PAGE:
Brick is a good insulator of sound, but, sadly, people like to get in and out of rooms and so put holes in the wall for doors. This idiotic move is often accompanies by misguided attempts to introduce fresh air and light, thus adding other holes to form windows. These are prime areas for leaks in your insulation, so here are some guidelines to help you with these problem areas.


Modern doors are rubbish. They are generally made of thin sheets of plywood over an air gap, and so they're lightweight and thus poor insulators of both heat and sound. However, if the top of the door is removed the air cavity can be filled with fine-textured straw. This has similar properties to Mineral Fibre, and is about 90% cheaper! Pack the straw (not stubble type, but hay) quite tightly into the gap, and the result is a good acoustic insulator. Old solid wood doors are good at sound insulation, but can't compete with a well-stuffed modern door (careful! - Ed.). The next targets are the gaps around the door. These are hard to fill, but two layers of 5" wide carpet strips all round the outside edge works quite well.

My own rehearsal room has two doors, one opening out and one opening in, with the hinges on opposite sides. The inside door is a standard house door with padding (see later), while the outside door is a modern type with straw-filled air gap. This type of door can be picked up second-hand for about £5, but MFI also have them at a reasonable £19.95. Having two doors creates an air gap, and the sound insulation is superb. Also, you can buy window sealing strips of self-adhesive foam rubber at about £2.50 for 30m (it comes on a roll), and this can be used in the corners of the door jamb. It compresses right down when the door is closed, forming a good seal.

When working on a doorframe, make sure that the frame itself will stand up to the strain of compressing foam material (this puts stress on the hinges and clasps) and the weight of the door(s) used.

To complete the insulation, a layer of absorbing material should be placed on the inside of the inner door. This can be the same material as the walls, but a good alternative is a second-hand child's cot mattress. These measure, typically, 4'6"x3', and can be tacked on to the door direct. Alternatively, a sheet of foam rubber covered with cloth and nailed to the door with brassheaded upholstery pins looks nice and gothic, and costs about £5.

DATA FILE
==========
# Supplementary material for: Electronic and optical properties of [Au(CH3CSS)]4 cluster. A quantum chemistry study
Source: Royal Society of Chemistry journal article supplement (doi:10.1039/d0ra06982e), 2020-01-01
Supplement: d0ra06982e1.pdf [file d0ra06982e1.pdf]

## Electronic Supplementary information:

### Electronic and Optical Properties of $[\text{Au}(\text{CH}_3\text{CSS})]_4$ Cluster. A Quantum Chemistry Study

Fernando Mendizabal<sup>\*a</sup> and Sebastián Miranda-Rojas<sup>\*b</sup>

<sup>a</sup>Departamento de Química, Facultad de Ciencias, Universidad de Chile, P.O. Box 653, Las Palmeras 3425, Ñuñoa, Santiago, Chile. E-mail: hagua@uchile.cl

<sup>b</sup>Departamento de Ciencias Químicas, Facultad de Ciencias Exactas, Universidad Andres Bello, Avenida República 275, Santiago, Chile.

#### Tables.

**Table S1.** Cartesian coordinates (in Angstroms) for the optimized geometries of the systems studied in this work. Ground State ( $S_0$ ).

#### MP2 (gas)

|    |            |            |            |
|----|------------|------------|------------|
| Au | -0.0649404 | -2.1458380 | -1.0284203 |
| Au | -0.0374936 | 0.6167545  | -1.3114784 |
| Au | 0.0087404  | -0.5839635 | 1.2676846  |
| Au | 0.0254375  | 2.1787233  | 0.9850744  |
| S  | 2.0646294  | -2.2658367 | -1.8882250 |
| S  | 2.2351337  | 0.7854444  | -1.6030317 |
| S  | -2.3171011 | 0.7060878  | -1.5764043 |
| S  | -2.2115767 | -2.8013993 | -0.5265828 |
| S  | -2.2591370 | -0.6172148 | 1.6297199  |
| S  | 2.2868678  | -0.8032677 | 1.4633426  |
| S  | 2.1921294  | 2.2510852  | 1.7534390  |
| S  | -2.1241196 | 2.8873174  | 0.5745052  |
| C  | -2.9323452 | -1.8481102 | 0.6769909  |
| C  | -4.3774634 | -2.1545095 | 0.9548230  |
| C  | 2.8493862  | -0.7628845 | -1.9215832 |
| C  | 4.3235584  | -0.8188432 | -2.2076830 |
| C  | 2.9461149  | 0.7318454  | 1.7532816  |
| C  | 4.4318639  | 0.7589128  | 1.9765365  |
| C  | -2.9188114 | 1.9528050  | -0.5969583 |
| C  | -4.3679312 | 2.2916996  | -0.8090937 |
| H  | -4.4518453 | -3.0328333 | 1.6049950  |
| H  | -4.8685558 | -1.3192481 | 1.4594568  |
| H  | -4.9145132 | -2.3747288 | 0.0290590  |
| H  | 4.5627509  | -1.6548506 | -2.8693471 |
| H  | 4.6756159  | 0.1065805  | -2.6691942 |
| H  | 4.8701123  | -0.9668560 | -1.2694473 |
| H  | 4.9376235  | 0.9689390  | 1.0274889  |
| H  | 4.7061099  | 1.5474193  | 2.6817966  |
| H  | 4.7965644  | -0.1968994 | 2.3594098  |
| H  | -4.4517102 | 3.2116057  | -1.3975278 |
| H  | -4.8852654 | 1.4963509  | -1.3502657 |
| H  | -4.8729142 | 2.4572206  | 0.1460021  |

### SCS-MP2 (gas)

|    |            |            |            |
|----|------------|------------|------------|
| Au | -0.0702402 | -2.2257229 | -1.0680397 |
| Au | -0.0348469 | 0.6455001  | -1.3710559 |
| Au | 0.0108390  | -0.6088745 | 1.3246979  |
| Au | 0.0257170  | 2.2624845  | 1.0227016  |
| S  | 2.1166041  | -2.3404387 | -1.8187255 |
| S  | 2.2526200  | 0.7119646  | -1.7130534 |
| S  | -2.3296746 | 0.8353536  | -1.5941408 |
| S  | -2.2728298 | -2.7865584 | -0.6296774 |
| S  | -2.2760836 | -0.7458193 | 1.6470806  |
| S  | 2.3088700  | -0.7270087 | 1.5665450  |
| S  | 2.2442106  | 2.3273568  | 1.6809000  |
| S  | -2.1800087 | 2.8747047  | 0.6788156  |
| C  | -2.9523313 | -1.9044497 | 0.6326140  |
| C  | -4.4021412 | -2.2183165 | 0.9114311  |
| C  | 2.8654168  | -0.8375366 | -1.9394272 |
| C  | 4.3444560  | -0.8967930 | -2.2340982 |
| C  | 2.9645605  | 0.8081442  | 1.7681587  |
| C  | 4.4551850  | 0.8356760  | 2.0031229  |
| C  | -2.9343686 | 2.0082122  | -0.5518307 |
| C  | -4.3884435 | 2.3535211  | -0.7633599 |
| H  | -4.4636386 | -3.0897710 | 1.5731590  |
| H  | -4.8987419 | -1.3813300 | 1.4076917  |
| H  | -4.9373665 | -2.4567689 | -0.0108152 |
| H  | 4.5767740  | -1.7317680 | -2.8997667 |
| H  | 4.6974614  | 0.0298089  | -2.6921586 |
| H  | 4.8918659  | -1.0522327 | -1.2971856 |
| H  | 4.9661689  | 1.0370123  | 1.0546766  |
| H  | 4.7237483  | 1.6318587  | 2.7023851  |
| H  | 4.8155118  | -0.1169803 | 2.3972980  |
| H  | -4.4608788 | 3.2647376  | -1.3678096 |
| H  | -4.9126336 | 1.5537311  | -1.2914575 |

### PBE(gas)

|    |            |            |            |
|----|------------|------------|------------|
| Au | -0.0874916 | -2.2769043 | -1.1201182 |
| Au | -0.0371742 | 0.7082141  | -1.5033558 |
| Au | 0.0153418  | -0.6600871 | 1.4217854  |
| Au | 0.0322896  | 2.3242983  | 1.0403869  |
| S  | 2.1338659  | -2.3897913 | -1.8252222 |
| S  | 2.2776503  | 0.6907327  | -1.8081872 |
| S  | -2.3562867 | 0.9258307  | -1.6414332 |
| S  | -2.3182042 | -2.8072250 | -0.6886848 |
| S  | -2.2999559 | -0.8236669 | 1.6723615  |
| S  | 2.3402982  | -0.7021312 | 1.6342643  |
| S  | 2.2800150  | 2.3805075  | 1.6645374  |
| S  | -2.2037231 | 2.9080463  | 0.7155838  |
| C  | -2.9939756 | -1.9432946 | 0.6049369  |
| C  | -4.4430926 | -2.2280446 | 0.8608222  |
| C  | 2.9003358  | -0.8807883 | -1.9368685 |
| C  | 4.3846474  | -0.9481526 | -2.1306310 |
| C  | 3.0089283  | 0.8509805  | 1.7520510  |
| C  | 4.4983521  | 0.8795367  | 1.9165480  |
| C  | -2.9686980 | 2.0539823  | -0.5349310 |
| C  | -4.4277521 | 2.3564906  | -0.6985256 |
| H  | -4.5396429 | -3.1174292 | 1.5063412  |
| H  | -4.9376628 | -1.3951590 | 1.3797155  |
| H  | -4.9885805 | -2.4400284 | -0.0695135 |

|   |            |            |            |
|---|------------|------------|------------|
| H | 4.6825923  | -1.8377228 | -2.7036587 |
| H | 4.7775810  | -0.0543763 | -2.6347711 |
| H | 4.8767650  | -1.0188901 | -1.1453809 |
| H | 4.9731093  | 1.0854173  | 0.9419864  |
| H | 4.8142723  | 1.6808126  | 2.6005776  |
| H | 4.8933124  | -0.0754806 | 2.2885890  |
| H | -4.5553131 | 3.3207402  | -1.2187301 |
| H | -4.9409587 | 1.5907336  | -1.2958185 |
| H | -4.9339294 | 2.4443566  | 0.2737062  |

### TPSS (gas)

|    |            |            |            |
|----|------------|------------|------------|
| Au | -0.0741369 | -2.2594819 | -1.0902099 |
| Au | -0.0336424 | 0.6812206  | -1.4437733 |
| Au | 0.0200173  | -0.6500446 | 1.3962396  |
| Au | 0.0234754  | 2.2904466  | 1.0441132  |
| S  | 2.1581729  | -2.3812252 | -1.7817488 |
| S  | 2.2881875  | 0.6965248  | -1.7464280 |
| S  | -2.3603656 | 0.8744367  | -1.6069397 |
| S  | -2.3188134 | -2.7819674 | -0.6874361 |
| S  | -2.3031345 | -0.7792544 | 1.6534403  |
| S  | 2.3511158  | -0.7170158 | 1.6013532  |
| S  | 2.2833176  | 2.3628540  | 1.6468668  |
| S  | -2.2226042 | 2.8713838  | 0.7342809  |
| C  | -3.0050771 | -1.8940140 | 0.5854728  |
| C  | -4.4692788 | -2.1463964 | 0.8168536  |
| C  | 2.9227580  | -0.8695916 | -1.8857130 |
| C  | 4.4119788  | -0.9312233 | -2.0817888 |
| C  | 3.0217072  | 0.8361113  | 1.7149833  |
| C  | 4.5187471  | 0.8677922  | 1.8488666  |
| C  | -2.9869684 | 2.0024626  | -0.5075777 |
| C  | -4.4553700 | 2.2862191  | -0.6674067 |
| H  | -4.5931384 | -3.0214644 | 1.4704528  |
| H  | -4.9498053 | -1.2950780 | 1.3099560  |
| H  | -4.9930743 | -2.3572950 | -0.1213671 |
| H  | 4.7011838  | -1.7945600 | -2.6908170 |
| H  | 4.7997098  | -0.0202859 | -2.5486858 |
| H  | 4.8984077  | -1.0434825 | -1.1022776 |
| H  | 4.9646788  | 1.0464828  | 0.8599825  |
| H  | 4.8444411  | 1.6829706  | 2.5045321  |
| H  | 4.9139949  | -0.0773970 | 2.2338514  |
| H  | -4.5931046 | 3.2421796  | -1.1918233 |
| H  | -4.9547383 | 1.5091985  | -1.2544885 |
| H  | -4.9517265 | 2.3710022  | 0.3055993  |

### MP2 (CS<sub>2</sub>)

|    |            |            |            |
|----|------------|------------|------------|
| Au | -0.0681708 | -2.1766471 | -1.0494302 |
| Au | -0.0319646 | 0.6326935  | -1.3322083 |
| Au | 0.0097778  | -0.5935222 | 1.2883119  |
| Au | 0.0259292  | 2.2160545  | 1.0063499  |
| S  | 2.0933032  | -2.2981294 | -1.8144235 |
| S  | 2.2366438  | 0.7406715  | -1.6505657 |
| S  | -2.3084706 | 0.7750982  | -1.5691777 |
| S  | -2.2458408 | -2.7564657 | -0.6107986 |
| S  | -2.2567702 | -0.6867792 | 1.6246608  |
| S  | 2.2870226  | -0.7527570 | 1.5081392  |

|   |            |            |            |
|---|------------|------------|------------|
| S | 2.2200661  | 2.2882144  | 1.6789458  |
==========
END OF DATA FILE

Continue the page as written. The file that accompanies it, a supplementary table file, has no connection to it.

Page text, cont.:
While all this activity is sealing the door tight, you might find the room becoming airless. For this reason, don't seal the windows permanently - make sure they can be opened when the room isn't in use. The best bet is a smaller version of the hollow door, made from 2"x2" timber with plywood panels affixed on both sides. Fill it with straw first!

This can then be hinged to fit into the window space, or just held there on a shelf with four small bolts, two top and two bottom, to hold it fast. Seal up with the window-insulating strips, and this will cut down leaks to a minimum. For very basic soundproofing, an old mattress can sometimes be used to seal a window. But this is crude, and the mattress can't be cut to fit. It'll also take up a phenomenal amount of space, and flollop about all over the place anyway...


Basically, if your potential rehearsal room is above another room you have problems! Carpet and wood are fairly good at mid-range absorption, but they let a lot of sound through and are poor for low frequencies. Drums and bass guitar have a tendency to be the loudest and most aggravating noise for neighbours, so basically a good low-frequency insulator is required. As Table 1 shows, plaster tiles (Gyproc, for example) are excellent in all frequencies - but they cost like crazy. Alternatives include removing the carpet and laying down a 3" layer of newsprint. Unfortunately, this is hard to make flat, and will be tricky to lay carpet over. Other methods include a secondary floor, giving an air/straw gap, but this is prohibitively expensive, and a better bet is simply to lay cheap carpet on to the bare boards (the carpet can be a jigsaw of allsorts, even carpet squares), on which is laid large plywood boards (five ply minimum). To prevent the edges lifting, tack them with 3" largehead panel pins all the way round. On top of this is then placed another carpet (the original one?). In this way, there is an air gap just in the pile of the lower carpet, which will reduce both the sound travel and the direct vibrations from drums and bass cabinets.

Well, that's enough to get you pondering and planning for one month - next issue, we'll be looking into walls, eggboxes, fire and damnation!

Series - "Shut Up!"

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Shut Up!

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Feature by Tim Oakes